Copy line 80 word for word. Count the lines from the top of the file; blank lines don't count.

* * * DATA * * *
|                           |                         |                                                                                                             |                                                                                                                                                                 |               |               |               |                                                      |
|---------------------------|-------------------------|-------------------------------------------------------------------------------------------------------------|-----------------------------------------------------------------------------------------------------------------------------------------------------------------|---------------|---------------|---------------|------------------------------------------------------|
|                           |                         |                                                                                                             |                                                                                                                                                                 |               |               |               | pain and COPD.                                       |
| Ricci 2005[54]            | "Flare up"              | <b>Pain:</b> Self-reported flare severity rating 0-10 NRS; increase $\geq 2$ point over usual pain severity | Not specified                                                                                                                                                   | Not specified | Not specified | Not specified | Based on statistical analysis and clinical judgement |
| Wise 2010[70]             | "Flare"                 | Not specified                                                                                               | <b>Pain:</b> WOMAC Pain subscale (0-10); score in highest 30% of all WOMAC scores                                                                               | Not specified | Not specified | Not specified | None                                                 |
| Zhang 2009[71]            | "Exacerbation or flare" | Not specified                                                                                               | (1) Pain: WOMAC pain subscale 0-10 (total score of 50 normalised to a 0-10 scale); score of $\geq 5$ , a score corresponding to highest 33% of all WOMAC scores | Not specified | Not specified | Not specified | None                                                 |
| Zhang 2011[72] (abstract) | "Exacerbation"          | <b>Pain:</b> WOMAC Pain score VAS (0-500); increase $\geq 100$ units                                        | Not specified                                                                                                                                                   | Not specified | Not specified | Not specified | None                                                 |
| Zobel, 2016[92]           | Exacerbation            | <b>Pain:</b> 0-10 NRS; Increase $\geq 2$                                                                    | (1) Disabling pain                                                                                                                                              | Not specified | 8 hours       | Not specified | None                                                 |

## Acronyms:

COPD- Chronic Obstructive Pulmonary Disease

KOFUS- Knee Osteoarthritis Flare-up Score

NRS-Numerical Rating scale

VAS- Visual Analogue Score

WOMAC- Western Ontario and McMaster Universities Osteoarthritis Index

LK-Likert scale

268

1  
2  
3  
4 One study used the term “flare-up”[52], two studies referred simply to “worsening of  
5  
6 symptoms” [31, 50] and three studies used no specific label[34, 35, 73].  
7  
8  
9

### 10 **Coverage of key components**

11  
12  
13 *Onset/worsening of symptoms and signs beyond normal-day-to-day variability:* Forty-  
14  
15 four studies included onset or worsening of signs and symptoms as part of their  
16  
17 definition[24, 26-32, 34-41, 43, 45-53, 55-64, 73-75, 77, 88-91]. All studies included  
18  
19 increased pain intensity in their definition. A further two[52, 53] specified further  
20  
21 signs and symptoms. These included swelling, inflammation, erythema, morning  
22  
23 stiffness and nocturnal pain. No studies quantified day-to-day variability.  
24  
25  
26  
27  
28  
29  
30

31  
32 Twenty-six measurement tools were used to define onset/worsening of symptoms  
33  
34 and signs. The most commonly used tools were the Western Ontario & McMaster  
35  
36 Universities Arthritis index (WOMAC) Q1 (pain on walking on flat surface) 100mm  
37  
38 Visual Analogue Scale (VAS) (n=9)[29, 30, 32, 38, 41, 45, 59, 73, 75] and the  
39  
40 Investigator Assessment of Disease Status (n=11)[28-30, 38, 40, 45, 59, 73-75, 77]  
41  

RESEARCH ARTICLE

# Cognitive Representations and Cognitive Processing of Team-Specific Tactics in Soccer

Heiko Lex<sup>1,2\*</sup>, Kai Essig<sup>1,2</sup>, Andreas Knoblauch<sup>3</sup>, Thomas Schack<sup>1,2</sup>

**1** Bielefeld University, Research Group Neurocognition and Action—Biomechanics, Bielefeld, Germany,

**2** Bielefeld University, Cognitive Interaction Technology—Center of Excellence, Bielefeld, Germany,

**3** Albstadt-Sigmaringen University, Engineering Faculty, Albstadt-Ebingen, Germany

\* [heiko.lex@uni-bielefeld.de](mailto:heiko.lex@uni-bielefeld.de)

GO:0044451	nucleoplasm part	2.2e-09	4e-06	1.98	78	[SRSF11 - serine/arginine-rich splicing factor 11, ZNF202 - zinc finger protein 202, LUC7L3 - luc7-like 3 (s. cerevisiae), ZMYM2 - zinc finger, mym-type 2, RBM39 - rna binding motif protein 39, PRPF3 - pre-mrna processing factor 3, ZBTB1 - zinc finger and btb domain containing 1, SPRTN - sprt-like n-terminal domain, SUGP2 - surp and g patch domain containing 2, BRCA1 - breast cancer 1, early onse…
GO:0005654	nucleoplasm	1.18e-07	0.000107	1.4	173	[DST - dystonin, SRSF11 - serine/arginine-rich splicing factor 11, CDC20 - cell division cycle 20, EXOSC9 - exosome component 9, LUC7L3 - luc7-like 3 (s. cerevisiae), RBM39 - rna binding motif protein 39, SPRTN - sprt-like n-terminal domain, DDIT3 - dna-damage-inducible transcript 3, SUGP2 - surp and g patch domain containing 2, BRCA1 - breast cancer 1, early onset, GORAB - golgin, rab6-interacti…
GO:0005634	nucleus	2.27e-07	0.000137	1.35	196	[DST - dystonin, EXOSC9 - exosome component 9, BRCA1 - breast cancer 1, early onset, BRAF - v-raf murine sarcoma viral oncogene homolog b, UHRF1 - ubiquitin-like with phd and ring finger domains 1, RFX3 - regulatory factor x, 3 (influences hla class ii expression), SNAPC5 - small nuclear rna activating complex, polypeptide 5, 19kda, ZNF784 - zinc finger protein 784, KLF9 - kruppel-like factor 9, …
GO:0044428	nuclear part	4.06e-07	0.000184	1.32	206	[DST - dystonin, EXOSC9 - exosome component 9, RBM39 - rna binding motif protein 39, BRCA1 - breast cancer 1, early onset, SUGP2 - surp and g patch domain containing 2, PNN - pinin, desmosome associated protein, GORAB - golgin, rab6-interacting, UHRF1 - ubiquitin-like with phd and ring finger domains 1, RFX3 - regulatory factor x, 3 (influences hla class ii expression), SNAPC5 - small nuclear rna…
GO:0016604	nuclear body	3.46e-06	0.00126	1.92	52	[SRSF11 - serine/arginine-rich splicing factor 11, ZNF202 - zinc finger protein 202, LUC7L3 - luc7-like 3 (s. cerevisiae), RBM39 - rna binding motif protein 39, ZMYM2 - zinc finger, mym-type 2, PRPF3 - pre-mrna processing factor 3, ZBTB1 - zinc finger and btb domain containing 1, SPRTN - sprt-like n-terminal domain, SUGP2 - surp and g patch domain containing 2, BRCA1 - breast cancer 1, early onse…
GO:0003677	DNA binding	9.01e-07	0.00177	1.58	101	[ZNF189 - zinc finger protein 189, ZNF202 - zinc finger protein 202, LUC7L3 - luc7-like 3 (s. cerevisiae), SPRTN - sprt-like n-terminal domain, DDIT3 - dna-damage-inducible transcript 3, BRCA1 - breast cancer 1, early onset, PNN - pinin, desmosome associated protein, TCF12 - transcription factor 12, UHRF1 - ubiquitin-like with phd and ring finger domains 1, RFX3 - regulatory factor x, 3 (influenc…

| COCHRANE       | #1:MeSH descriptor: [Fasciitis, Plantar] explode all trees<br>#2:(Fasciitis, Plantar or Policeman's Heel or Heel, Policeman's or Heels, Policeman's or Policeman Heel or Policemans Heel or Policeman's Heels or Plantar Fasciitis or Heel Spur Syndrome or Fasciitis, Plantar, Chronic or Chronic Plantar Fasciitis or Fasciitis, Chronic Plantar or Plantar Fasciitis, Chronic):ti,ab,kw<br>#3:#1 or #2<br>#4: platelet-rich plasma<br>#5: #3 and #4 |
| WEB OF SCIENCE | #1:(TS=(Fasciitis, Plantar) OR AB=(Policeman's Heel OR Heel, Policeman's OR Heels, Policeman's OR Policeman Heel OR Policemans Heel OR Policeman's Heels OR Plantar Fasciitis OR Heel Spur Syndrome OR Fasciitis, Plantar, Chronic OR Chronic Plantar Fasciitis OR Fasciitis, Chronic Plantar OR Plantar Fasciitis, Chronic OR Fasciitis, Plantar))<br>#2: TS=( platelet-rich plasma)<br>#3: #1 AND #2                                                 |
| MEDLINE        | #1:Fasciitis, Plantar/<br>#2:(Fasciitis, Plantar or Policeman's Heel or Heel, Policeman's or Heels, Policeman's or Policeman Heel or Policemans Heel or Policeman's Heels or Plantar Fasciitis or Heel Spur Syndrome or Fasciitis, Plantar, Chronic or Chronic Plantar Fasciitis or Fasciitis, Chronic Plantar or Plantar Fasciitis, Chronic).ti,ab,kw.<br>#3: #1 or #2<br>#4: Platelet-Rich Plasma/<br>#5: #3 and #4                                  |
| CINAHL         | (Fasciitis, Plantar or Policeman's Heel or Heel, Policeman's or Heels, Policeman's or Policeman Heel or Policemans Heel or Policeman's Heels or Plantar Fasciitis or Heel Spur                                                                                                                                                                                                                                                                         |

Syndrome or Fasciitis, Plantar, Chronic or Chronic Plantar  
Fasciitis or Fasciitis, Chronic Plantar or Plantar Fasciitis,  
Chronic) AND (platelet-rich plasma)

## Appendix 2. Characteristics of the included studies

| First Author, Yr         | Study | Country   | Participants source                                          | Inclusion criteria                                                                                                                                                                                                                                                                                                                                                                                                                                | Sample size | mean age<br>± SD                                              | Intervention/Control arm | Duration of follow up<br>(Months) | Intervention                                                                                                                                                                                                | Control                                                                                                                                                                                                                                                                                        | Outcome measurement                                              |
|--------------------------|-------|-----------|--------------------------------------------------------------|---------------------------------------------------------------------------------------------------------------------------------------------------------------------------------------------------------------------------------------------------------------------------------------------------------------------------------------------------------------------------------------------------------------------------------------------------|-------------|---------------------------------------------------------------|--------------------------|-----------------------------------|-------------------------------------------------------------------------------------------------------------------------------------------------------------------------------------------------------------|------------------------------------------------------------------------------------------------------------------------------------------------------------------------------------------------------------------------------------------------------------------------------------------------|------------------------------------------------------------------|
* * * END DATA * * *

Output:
|--------------------------|-------|-----------|--------------------------------------------------------------|---------------------------------------------------------------------------------------------------------------------------------------------------------------------------------------------------------------------------------------------------------------------------------------------------------------------------------------------------------------------------------------------------------------------------------------------------|-------------|---------------------------------------------------------------|--------------------------|-----------------------------------|-------------------------------------------------------------------------------------------------------------------------------------------------------------------------------------------------------------|------------------------------------------------------------------------------------------------------------------------------------------------------------------------------------------------------------------------------------------------------------------------------------------------|------------------------------------------------------------------|